Identify three different types of joins available and how they can be used.
Specifying Join Properties for Access Queries
Inner Join is default for Access
Left Outer Join
Right Outer Join
When you create a query that uses a join between tables, Access will create the join as an innerjoin by default. This means that the tables on both sides of the join must have matching records in order for those records to be displayed.
There are two other types of joins as well, left outer and right outer joins.
To specify the type of join being used, double-click on the join line between the two tables. When you double-click, the Join Properties dialog box appears, as shown here:
Let us take a closer look at the three types of joins shown above, as used with the 'Projects' and 'Hours' tables.
Only include rows where the joined fields from both tables are equal.
If a project entered in the 'Projects' table does not have any hours assigned to it in the 'Hours' table, that project will not be displayed.
Left outer join
“Include ALL records from 'Projects' and only those records from 'Hours' where the joined fields are equal.”
Left outer joins are used when you want to display all records from one of the tables regardless of whether there is a corresponding entry in the other table used. For example, if you want to see all the projects regardless of whether any hours have been entered, you would use a left outer join. When you specify a left outer join, you will see an arrow pointing toward the second table in the join, as seen here:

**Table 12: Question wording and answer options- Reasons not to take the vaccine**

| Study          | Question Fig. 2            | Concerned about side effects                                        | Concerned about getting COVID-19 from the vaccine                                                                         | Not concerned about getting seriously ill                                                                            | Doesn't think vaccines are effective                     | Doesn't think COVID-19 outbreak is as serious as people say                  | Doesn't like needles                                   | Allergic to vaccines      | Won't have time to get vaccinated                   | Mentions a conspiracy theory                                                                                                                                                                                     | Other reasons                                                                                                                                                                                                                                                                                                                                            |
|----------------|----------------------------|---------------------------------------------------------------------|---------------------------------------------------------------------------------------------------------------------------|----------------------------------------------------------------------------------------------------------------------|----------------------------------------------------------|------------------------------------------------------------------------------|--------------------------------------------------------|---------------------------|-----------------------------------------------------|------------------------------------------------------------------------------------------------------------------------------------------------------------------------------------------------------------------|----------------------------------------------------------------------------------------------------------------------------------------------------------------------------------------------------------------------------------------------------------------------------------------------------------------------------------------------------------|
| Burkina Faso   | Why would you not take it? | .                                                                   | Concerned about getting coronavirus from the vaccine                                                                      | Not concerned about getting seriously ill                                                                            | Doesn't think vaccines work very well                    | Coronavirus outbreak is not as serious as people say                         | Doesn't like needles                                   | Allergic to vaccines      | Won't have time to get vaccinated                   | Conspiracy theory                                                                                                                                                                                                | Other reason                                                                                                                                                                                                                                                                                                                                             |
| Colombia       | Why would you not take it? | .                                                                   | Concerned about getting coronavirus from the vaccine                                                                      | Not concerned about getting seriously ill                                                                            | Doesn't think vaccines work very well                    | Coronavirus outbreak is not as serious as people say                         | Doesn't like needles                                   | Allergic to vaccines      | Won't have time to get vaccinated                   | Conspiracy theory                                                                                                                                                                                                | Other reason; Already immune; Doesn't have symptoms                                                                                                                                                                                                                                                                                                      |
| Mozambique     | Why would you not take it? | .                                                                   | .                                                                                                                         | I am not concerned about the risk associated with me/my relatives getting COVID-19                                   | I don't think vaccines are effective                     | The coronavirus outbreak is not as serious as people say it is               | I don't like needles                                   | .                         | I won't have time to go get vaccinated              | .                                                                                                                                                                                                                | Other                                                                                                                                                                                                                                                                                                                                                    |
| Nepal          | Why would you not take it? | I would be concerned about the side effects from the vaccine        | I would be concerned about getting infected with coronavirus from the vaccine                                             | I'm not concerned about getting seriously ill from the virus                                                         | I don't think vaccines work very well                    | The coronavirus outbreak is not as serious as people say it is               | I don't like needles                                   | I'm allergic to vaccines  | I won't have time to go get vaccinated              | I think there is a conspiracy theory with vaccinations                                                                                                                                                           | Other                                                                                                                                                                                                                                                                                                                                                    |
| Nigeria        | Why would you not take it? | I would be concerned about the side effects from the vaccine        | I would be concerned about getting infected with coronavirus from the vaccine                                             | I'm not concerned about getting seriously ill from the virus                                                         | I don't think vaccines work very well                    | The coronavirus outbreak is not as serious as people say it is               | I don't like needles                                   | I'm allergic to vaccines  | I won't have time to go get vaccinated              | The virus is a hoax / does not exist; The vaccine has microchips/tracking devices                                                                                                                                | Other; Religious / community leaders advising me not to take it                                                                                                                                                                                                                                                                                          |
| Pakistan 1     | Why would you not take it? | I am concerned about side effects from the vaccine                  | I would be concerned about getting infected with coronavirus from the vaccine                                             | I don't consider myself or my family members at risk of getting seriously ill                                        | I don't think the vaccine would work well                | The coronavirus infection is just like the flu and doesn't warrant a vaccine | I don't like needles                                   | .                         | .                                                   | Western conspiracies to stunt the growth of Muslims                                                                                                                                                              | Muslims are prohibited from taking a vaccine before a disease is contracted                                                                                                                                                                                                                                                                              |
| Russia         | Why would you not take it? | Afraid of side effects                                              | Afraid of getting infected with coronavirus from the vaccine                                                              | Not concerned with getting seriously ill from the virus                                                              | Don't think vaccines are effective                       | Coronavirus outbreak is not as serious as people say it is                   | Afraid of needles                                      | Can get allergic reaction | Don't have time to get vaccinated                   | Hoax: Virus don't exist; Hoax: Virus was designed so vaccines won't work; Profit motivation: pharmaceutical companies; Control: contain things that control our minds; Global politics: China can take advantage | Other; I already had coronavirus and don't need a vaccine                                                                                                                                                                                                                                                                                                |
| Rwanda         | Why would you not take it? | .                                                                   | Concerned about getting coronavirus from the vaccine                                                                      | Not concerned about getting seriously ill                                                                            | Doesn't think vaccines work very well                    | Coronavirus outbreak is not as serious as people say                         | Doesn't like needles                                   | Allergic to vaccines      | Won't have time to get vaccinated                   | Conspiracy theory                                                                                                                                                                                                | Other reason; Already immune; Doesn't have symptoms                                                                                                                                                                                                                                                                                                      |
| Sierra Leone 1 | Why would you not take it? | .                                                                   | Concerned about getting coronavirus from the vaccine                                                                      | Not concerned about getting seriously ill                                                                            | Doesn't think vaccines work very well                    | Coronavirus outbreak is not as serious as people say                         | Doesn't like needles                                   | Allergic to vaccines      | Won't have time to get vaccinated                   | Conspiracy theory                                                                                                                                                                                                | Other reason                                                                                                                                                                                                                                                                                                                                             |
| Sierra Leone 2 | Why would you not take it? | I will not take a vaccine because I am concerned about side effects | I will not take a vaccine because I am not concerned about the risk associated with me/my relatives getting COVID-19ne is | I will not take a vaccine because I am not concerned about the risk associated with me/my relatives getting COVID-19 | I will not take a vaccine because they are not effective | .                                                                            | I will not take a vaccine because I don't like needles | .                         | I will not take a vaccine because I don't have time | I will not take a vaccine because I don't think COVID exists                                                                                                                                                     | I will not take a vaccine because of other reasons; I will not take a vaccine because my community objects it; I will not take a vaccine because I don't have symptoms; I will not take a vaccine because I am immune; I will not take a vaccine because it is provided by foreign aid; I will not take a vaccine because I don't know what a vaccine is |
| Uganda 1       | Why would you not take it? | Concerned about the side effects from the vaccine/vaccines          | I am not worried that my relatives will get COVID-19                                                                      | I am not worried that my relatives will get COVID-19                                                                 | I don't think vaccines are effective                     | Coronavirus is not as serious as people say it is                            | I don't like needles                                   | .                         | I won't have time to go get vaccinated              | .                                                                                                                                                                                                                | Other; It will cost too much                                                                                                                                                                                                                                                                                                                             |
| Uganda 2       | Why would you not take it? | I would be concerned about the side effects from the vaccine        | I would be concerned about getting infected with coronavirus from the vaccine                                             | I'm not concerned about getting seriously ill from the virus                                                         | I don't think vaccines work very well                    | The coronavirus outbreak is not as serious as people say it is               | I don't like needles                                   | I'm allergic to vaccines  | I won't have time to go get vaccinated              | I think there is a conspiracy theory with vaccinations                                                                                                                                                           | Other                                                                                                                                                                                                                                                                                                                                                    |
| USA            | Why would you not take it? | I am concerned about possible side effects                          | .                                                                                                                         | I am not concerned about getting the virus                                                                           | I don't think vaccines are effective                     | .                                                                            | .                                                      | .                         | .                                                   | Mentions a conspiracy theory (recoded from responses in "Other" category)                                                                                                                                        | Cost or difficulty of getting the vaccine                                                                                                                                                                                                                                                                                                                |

Right outer join
“Include ALL records from 'Hours' and only those records from 'Projects' where the joined fields are equal.”
Right outer joins are the same as left outer joins, just flipped around. They are used less than the other two joins because you can specify the tables in the order you desire and use a left outer join.
Using a right outer join with the 'Projects' and 'Hours' tables, you can see which records are in 'Hours' that don’t have a legitimate projects associated with them. Right outer joins are good for checking out data
integrity. When you specify a right outer join, the arrow points to the first table in the join, as shown here:
In the next lesson, you will learn about the different types of queries and where you can use them.